Bridget O'Connell. If the name fails to toll the cheery bell of recognition, you are not alone. Hers is not a celebrated name in these parts. Our downtown bears no public statue of her tossing her tam-o'-shanter in the air; there are no parks, airports, or frontage roads christened in her honor. She may even seem like a bit player in our present story, but it is she who planted a mustard seed in the Twin Cities' theatrical garden that has miraculously blossomed into a towering redwood.
In 1998, Matthew Foster was an aimless college student in Denver, Colorado. In the winter of that year, he received a call from O'Connell, a friend from his high school days in Pierre, South Dakota. "She was graduating from the U of M with a degree in theater, emphasis on directing," recalls the ruggedly handsome Foster at Café Barbette in uptown Minneapolis, where he orders a sandwich in what sounds like French or some other exotic language. "And she needed to direct a show and had no money to pay any royalties. And so she said: 'I've always liked your writing, will you write me a play?' My royalty was that she had to fly me up here."
Ladies and gentlemen--especially those who have attributed Foster's Minneapolis move to providence--let us take a moment to thank Bridget O'Connell. Foster arrived at Hubert H. Humphrey with a script called Dante's Self-Cleaning Oven, which O'Connell directed at the Bryant-Lake Bowl in 1998. Foster doesn't speak highly of this initial dramaturgical foray, and the only review I could uncover was from an obscure Dante-studies journal, which called the work "really sucky" in a three-word pan (first word: "really").
But Foster, who had seen just two plays prior to writing one of his own, had lighted upon a new passion. "I got really addicted to it," he says, a plausible statement considering that a cigarette habit is his only visible vice. "It was such a thrill to see people performing works that I had written and having people laugh. So I went to a lot of theater over the next two years, and kind of learned by observing."
This period of independent study led Foster to "bust a move" in earnest. He founded Ministry of Cultural Warfare with Trevor Nelson, who has since left town. The company made its debut at the 2000 Minnesota Fringe Festival with The Last Cherry Pit, which was billed as an "existentialist comedy inspired by the life and works of Cold War-era Hungarian author István Örkény." (Sparse attendance for the show was chalked up to a simultaneous meeting of the Write On Hungary! social club in Gary, Indiana, which split the play's natural ethnic constituency.)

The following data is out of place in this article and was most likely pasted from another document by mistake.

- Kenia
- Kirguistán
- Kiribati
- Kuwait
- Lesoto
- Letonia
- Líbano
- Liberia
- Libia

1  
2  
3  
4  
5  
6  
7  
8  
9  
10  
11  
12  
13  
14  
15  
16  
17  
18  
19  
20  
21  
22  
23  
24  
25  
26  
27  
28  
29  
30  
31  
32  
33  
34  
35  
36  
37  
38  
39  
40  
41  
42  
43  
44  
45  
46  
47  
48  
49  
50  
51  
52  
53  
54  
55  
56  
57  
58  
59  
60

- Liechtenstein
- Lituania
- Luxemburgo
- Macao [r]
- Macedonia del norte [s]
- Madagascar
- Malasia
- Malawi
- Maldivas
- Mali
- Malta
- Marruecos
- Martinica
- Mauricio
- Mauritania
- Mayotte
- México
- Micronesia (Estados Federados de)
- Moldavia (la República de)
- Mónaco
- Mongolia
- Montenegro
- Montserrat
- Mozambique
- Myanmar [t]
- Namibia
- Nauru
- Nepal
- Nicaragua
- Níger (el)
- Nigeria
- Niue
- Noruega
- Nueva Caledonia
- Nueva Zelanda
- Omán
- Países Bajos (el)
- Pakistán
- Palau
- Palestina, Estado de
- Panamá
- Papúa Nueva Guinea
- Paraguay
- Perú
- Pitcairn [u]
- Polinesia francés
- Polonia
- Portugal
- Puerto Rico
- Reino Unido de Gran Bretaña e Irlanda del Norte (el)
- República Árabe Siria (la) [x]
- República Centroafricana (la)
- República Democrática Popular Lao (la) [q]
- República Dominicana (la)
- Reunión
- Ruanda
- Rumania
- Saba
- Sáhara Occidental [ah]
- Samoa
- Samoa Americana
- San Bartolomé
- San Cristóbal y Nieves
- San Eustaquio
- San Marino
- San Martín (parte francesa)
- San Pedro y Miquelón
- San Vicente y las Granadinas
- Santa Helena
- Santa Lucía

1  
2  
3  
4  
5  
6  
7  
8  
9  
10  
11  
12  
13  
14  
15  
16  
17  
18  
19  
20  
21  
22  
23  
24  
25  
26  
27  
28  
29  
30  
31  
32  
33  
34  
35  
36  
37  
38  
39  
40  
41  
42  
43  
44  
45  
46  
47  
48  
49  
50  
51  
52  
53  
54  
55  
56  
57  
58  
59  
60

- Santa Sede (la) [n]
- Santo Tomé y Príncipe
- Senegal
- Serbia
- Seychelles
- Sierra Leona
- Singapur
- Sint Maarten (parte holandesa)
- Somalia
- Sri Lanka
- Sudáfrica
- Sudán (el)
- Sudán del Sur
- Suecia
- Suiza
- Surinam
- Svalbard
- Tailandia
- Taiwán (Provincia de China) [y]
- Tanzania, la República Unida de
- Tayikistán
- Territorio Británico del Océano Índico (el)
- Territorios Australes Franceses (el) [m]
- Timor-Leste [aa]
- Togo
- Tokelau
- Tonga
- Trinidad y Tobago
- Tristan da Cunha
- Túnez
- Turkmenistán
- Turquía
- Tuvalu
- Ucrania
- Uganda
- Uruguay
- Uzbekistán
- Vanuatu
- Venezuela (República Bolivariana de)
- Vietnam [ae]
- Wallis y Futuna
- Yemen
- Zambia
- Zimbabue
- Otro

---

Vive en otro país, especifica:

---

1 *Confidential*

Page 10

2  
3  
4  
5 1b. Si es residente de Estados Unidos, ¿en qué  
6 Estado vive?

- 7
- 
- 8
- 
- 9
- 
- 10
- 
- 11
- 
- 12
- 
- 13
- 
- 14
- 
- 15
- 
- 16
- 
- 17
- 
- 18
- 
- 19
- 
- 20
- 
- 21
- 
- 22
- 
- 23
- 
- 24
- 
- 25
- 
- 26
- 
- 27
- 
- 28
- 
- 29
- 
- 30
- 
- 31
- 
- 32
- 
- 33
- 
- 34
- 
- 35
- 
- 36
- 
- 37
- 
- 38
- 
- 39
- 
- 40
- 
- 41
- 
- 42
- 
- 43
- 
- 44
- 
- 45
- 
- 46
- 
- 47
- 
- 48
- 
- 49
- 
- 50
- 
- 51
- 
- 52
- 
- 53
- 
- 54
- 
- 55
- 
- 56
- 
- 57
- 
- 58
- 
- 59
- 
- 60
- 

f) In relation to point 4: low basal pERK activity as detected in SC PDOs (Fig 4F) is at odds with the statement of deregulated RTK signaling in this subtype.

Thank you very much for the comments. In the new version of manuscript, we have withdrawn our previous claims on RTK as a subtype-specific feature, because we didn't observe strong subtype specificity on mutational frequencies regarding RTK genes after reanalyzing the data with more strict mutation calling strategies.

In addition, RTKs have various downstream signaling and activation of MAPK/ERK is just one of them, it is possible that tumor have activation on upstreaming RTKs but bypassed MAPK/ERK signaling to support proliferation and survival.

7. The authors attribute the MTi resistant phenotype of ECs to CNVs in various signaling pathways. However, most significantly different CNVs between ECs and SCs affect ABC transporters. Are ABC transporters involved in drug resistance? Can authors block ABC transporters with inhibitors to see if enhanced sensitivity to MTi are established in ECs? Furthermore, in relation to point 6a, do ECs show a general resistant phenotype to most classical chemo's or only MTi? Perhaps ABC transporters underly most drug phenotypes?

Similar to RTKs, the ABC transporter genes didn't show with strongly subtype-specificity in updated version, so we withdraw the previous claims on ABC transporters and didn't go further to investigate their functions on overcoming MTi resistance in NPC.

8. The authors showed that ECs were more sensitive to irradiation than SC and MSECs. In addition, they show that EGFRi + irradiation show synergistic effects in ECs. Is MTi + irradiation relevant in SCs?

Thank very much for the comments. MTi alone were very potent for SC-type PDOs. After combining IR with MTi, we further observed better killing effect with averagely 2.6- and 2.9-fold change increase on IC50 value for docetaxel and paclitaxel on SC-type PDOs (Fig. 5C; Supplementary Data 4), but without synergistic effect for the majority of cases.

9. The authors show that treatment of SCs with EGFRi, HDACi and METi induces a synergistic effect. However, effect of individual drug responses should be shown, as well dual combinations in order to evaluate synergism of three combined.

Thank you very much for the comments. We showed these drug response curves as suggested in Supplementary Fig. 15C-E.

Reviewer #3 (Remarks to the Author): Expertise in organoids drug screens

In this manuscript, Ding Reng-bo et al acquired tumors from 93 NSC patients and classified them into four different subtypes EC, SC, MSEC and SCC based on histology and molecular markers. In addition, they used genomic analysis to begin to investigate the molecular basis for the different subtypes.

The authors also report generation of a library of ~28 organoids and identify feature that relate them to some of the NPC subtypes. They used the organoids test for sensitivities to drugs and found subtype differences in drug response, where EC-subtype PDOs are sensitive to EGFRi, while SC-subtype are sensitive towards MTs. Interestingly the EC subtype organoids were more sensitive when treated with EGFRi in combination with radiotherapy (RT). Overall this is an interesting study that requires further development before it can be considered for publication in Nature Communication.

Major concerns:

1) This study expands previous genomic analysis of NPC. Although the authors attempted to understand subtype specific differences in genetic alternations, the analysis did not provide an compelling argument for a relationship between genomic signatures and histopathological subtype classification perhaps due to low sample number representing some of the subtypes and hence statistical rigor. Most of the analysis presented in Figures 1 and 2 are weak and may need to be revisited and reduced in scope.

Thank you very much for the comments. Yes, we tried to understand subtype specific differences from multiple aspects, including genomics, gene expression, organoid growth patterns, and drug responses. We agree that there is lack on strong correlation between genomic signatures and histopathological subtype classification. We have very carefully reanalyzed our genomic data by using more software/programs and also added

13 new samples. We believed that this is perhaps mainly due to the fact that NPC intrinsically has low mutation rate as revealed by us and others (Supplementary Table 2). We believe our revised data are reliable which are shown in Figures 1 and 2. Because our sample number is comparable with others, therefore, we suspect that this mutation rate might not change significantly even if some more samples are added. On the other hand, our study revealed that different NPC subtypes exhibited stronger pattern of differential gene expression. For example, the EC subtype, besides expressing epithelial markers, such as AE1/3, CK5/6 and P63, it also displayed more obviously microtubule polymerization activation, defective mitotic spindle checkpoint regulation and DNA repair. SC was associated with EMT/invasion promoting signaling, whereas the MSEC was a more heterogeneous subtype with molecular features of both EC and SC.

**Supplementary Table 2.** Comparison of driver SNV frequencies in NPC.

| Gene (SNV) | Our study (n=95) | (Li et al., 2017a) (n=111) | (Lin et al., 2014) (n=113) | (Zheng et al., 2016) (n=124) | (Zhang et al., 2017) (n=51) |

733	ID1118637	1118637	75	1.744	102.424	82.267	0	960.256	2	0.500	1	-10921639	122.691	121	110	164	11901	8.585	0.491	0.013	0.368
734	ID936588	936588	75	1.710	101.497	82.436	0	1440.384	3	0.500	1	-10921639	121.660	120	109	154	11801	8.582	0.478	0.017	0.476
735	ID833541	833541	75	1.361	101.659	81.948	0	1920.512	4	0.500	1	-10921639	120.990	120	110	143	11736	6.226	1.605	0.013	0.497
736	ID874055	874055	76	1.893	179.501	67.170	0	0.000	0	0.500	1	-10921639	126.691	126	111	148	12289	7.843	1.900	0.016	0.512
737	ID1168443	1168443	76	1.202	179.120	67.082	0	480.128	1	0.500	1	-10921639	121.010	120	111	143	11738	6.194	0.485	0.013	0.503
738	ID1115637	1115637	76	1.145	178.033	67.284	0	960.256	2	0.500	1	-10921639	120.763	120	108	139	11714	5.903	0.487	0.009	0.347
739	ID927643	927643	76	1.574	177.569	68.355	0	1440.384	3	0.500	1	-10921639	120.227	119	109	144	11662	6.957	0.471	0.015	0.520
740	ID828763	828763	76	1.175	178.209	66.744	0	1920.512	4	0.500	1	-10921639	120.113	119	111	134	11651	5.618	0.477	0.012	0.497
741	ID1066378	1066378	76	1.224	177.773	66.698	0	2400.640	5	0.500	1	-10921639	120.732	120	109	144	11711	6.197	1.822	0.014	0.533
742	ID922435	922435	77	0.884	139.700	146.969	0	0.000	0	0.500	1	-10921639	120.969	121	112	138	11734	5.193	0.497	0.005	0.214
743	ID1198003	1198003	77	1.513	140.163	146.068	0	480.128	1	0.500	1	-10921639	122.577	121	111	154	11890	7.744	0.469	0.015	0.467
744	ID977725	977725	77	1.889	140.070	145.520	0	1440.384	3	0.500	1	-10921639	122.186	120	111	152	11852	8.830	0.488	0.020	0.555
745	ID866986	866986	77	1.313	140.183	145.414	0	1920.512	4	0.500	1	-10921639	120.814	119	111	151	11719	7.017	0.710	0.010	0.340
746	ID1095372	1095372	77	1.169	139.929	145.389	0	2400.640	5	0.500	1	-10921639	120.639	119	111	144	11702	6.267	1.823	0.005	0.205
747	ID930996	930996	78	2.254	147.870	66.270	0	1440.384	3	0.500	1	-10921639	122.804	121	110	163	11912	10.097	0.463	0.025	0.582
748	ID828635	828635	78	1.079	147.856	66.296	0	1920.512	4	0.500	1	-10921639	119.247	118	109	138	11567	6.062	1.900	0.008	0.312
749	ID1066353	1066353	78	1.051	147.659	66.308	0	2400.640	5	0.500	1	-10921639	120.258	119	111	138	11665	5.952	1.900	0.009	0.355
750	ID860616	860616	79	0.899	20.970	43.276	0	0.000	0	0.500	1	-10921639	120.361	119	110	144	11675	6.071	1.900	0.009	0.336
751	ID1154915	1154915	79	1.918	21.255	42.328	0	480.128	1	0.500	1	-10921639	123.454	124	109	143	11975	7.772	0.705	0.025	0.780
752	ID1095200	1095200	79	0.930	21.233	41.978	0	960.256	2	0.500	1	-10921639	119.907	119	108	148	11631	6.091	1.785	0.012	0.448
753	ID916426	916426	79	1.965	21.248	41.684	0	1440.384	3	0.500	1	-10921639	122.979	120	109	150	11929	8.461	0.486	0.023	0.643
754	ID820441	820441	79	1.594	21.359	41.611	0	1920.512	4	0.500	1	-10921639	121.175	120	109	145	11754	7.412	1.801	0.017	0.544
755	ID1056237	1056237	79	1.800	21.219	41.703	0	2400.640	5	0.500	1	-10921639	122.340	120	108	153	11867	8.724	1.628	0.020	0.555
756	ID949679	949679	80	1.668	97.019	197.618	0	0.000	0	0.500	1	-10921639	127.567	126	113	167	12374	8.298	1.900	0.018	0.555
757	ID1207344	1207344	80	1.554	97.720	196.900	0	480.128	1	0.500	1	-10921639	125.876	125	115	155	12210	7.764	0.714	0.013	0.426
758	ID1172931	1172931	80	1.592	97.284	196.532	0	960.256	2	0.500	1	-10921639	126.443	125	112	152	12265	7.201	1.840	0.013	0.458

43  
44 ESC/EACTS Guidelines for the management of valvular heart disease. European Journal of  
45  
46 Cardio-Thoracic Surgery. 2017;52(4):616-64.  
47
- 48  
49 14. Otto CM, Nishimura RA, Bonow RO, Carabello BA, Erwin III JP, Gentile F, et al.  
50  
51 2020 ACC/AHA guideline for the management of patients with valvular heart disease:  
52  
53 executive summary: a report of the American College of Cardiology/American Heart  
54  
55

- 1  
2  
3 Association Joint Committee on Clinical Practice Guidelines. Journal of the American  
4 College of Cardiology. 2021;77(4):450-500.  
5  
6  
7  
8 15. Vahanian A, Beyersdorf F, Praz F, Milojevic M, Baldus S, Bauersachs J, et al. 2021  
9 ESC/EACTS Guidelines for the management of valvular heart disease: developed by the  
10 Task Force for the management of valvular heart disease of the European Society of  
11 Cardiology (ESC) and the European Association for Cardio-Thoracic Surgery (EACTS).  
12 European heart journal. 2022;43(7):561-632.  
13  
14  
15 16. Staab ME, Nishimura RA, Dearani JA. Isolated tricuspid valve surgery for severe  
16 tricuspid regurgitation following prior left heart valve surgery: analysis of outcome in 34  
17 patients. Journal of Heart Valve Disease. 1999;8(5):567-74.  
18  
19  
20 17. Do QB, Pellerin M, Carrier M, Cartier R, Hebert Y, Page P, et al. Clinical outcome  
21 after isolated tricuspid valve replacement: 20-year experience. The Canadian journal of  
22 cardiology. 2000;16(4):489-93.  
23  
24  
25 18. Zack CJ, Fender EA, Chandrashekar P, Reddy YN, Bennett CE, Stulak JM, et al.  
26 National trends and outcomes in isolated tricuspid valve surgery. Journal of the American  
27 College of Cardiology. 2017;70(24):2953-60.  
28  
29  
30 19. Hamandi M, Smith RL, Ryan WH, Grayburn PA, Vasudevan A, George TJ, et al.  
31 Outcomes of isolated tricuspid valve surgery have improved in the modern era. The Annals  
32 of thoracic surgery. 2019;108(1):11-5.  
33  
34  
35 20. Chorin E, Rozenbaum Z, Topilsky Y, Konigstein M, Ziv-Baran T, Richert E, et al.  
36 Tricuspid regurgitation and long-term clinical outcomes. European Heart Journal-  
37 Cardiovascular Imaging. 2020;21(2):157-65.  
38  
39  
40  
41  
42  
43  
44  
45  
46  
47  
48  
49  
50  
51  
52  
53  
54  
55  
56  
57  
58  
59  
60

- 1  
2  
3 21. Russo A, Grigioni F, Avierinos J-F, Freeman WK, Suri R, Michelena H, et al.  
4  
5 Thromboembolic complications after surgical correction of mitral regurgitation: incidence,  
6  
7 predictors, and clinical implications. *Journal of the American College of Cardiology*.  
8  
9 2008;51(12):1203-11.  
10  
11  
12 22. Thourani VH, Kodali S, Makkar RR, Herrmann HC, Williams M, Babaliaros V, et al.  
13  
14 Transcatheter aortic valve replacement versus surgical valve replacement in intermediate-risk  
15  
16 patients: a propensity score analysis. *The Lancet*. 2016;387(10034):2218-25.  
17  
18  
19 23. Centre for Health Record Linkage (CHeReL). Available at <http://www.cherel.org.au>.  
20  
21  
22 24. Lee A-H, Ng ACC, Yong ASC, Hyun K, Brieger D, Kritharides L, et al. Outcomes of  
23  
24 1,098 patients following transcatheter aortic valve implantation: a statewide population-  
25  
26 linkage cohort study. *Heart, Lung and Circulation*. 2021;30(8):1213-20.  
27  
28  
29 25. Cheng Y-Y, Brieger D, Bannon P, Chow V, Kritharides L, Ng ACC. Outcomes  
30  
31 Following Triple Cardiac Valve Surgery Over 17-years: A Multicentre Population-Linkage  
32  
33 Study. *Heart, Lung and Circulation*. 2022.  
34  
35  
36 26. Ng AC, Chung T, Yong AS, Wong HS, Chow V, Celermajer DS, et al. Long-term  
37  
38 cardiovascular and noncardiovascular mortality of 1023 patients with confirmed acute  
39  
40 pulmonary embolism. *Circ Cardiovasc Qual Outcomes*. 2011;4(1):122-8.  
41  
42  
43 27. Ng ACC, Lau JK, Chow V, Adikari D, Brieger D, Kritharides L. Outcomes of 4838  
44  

"We ended up casting Leigha [Horton] and Matt Kessen," says Foster, "and about a week or so before we opened we decided that we wanted to do more with these people." Like Stein coming across Fitzgerald, Picasso, and Hemingway in Paris, the group expanded into the brilliant core quintet that proved victorious in the above-described mini-golf match. A few regularly called-on actors, including muscled sex symbol Nathan Surprenant, are de facto company members; they reflect the luminous artistry of Foster et al. as the pale winter moon glows in the warm rays of our sun.
The face of the company is arguably that of sable-haired Horton, a killer-diller actor who has starred in all eight Ministry productions, enveloping audiences in her coruscating genius like a thin white paper pouch with which one might enclose a missive or utility bill. Through her offstage duties as producer and publicist, Horton is grease gun to the Ministry's bearings, if an indelicate term such as "grease gun" could ever be used to describe such a breathtaking beauty.
The company's Fringe shows have steadily grown in popularity. After a modest debut, attendance increased considerably with 2001's Fellini-inspired collage Into the Acid Fountain. Slaughter House Warming, a kind of My Kegger with Andre that may prove to be the definitive treatise on Generation Y culture clashes, was the 10th most popular show of last year's Fringe, topping such competition as George Bush's Nuts. Exposure from the festival has enabled MoCW to offer an informal season, which includes a Fringe show and two others, presented at see-and-be-seen venues such as the Bryant-Lake Bowl and Intermedia Arts. Last February, Horton starred in the one-woman show The Unbearable Lightness of Being American, which showed off the actor's Streep-like versatility as well as the group's growing prowess with snarky video interludes.
This year's Fringe offering, Industrials, is one of MoCW's rare productions of non-original work (previously, it has tackled playwrights Vaclav Havel and David Ives). This source material, however, has probably never been brought to the stage before. The show is a dramatic staging of five instructional films from the 1950s, taken from the archives of filmmaker and cultural historian Rick Prelinger. The scripts have been truncated but not otherwise amended. Characterized by wooden acting and now-comic didactics, these "industrial" shorts were often shown in schools and, less commonly, in the workplace. "The Bright Young Newcomer," for instance, depicts a filing donnybrook between two office "girls": a plucky go-getter and a veteran employee who mulishly resists "new ideas." The teen-dating meditation "Going Steady?" is most amusing for its deliberate irresolution. Through gender changes, choreography, and general tomfoolery, MoCW is wreaking havoc on the original intent of the films.